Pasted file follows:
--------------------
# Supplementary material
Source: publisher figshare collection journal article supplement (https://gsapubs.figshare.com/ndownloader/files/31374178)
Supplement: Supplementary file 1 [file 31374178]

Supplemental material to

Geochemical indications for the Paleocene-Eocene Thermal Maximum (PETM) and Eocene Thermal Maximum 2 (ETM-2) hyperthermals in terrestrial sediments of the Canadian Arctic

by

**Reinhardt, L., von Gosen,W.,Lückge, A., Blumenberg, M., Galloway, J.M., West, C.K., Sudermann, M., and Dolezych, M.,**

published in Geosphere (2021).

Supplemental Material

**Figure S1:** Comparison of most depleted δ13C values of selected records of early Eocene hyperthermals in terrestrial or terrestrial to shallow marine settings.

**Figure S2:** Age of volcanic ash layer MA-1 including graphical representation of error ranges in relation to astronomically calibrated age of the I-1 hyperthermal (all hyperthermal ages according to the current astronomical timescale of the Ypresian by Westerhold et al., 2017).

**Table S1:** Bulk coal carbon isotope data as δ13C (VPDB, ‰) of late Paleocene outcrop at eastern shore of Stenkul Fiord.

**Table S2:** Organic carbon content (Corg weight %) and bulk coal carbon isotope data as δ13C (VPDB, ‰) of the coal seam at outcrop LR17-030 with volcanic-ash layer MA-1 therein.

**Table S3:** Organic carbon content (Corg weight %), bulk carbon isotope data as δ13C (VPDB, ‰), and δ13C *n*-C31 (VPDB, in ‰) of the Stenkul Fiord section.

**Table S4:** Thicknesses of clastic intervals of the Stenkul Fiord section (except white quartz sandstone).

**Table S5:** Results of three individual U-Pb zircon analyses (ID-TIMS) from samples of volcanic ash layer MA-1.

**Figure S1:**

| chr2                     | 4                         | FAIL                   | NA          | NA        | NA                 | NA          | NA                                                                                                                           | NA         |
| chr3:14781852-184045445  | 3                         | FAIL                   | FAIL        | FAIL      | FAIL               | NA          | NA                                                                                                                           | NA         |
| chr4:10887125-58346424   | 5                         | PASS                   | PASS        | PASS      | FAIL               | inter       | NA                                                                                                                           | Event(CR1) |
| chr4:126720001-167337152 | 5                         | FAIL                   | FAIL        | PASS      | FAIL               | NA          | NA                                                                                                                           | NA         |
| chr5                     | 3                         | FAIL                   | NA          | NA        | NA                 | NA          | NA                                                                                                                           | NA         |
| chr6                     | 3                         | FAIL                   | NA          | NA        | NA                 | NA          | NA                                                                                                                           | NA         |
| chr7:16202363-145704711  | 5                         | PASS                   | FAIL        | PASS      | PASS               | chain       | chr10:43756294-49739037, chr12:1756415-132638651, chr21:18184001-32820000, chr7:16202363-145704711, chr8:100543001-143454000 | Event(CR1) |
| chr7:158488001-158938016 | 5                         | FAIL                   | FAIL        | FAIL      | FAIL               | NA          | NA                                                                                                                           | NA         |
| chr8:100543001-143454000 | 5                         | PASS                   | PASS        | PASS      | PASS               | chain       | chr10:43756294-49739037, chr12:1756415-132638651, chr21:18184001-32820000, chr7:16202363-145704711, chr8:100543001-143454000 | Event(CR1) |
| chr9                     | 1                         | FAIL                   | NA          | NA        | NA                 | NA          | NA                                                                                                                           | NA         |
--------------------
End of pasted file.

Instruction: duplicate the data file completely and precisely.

# Supplementary material
Source: publisher figshare collection journal article supplement (https://gsapubs.figshare.com/ndownloader/files/31374178)
Supplement: Supplementary file 1 [file 31374178]

Supplemental material to

Geochemical indications for the Paleocene-Eocene Thermal Maximum (PETM) and Eocene Thermal Maximum 2 (ETM-2) hyperthermals in terrestrial sediments of the Canadian Arctic

by

**Reinhardt, L., von Gosen,W.,Lückge, A., Blumenberg, M., Galloway, J.M., West, C.K., Sudermann, M., and Dolezych, M.,**

published in Geosphere (2021).

Supplemental Material

**Figure S1:** Comparison of most depleted δ13C values of selected records of early Eocene hyperthermals in terrestrial or terrestrial to shallow marine settings.

**Figure S2:** Age of volcanic ash layer MA-1 including graphical representation of error ranges in relation to astronomically calibrated age of the I-1 hyperthermal (all hyperthermal ages according to the current astronomical timescale of the Ypresian by Westerhold et al., 2017).

**Table S1:** Bulk coal carbon isotope data as δ13C (VPDB, ‰) of late Paleocene outcrop at eastern shore of Stenkul Fiord.

**Table S2:** Organic carbon content (Corg weight %) and bulk coal carbon isotope data as δ13C (VPDB, ‰) of the coal seam at outcrop LR17-030 with volcanic-ash layer MA-1 therein.

**Table S3:** Organic carbon content (Corg weight %), bulk carbon isotope data as δ13C (VPDB, ‰), and δ13C *n*-C31 (VPDB, in ‰) of the Stenkul Fiord section.

**Table S4:** Thicknesses of clastic intervals of the Stenkul Fiord section (except white quartz sandstone).

**Table S5:** Results of three individual U-Pb zircon analyses (ID-TIMS) from samples of volcanic ash layer MA-1.

**Figure S1:**

| chr2                     | 4                         | FAIL                   | NA          | NA        | NA                 | NA          | NA                                                                                                                           | NA         |
| chr3:14781852-184045445  | 3                         | FAIL                   | FAIL        | FAIL      | FAIL               | NA          | NA                                                                                                                           | NA         |
| chr4:10887125-58346424   | 5                         | PASS                   | PASS        | PASS      | FAIL               | inter       | NA                                                                                                                           | Event(CR1) |
| chr4:126720001-167337152 | 5                         | FAIL                   | FAIL        | PASS      | FAIL               | NA          | NA                                                                                                                           | NA         |
| chr5                     | 3                         | FAIL                   | NA          | NA        | NA                 | NA          | NA                                                                                                                           | NA         |
| chr6                     | 3                         | FAIL                   | NA          | NA        | NA                 | NA          | NA                                                                                                                           | NA         |
| chr7:16202363-145704711  | 5                         | PASS                   | FAIL        | PASS      | PASS               | chain       | chr10:43756294-49739037, chr12:1756415-132638651, chr21:18184001-32820000, chr7:16202363-145704711, chr8:100543001-143454000 | Event(CR1) |
| chr7:158488001-158938016 | 5                         | FAIL                   | FAIL        | FAIL      | FAIL               | NA          | NA                                                                                                                           | NA         |
| chr8:100543001-143454000 | 5                         | PASS                   | PASS        | PASS      | PASS               | chain       | chr10:43756294-49739037, chr12:1756415-132638651, chr21:18184001-32820000, chr7:16202363-145704711, chr8:100543001-143454000 | Event(CR1) |
| chr9                     | 1                         | FAIL                   | NA          | NA        | NA                 | NA          | NA                                                                                                                           | NA         |